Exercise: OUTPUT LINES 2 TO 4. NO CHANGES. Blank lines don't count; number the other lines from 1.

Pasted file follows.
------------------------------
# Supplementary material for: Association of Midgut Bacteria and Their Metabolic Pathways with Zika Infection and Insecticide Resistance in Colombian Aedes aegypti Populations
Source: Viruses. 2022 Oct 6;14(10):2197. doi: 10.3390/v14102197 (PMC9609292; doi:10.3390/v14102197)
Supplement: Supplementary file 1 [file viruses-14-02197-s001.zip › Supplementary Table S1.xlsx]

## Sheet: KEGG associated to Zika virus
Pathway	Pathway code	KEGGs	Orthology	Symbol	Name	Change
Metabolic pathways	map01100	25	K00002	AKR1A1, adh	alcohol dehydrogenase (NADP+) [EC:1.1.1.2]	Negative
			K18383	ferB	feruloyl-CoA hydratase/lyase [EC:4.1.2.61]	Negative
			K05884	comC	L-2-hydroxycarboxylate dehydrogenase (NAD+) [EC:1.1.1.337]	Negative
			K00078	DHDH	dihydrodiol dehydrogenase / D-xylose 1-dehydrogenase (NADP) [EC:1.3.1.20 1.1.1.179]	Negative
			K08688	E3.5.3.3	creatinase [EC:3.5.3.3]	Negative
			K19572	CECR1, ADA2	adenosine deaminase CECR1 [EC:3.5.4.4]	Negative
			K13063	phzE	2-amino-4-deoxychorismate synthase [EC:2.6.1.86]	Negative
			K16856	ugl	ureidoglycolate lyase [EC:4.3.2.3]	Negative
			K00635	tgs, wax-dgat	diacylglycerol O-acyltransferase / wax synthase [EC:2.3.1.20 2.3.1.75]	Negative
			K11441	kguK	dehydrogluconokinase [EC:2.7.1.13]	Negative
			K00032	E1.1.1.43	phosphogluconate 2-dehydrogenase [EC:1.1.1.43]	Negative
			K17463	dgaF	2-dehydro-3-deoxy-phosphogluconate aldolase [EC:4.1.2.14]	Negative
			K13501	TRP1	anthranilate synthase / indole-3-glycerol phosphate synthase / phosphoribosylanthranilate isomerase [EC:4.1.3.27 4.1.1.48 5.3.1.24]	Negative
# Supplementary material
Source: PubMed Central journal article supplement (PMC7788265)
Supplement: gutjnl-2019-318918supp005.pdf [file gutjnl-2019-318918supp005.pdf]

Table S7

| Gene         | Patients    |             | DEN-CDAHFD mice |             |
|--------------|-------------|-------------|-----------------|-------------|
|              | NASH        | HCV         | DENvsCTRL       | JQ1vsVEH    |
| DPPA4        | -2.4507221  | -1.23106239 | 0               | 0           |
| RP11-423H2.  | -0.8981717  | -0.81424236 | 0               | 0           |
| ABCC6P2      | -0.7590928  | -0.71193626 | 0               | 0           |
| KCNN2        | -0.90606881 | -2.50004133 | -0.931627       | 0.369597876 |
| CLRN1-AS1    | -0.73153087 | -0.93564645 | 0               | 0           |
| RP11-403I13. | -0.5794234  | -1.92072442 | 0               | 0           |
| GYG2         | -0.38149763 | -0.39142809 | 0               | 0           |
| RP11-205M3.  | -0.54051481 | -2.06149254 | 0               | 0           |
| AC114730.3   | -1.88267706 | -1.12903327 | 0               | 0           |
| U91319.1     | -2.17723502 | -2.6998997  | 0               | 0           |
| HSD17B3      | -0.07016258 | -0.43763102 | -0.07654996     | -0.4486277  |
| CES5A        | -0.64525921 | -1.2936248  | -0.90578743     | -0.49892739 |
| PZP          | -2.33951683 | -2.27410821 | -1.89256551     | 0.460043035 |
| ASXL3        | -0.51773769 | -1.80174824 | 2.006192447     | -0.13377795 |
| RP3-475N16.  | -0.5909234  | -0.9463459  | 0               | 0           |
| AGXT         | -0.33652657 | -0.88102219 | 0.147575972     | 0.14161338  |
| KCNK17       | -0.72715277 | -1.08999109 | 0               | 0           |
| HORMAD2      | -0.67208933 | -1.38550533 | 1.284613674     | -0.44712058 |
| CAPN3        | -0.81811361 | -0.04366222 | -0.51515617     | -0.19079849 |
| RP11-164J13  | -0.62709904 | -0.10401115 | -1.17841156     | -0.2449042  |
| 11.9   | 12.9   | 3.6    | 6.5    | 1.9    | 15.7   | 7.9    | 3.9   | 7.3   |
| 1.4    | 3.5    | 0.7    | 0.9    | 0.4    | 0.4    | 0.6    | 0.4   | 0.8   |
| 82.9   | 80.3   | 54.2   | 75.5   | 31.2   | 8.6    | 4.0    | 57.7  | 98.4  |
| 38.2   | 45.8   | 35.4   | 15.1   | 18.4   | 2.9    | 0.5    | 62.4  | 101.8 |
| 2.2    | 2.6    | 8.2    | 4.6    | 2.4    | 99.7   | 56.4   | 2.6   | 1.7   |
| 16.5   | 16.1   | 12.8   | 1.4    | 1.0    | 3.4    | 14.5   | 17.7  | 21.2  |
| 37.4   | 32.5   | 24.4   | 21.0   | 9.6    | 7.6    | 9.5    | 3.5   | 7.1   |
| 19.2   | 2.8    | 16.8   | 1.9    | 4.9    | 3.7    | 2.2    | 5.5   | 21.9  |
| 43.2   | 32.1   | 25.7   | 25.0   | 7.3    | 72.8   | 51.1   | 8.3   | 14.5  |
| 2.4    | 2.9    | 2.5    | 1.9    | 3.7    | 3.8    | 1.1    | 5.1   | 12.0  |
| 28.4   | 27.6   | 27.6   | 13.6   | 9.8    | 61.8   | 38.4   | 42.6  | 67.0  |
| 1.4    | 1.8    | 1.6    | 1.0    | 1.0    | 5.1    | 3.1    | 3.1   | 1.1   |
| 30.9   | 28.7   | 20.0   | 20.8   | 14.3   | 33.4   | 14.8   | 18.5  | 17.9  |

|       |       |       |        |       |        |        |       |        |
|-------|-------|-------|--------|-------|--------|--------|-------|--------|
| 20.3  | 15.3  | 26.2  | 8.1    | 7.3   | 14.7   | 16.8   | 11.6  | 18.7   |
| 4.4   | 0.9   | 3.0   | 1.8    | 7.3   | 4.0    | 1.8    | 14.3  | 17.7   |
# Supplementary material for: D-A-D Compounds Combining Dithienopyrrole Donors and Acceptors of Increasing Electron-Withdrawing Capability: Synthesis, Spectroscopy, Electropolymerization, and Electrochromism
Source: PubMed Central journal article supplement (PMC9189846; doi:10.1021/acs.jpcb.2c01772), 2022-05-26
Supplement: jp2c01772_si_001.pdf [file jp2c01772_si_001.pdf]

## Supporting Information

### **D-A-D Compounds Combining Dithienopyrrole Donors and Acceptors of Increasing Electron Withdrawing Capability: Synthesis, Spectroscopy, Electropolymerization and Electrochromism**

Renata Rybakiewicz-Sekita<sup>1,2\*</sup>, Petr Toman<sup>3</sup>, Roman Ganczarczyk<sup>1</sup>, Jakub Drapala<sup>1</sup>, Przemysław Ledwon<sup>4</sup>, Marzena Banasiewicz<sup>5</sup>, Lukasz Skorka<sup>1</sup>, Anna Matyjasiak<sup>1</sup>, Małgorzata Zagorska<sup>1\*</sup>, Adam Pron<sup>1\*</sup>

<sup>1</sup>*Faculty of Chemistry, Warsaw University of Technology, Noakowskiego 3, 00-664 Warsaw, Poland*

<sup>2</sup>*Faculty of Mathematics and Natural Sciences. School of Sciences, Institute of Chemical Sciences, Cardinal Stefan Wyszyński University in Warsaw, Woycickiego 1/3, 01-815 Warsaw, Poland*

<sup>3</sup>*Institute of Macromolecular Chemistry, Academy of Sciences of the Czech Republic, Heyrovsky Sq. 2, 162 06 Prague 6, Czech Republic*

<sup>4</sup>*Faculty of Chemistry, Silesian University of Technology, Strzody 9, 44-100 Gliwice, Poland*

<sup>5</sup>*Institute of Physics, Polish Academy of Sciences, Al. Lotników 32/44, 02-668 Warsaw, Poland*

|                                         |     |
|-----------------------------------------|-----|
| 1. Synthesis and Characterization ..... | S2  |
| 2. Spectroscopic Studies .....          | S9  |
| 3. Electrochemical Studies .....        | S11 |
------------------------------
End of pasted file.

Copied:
Source: Viruses. 2022 Oct 6;14(10):2197. doi: 10.3390/v14102197 (PMC9609292; doi:10.3390/v14102197)
Supplement: Supplementary file 1 [file viruses-14-02197-s001.zip › Supplementary Table S1.xlsx]

## Sheet: KEGG associated to Zika virus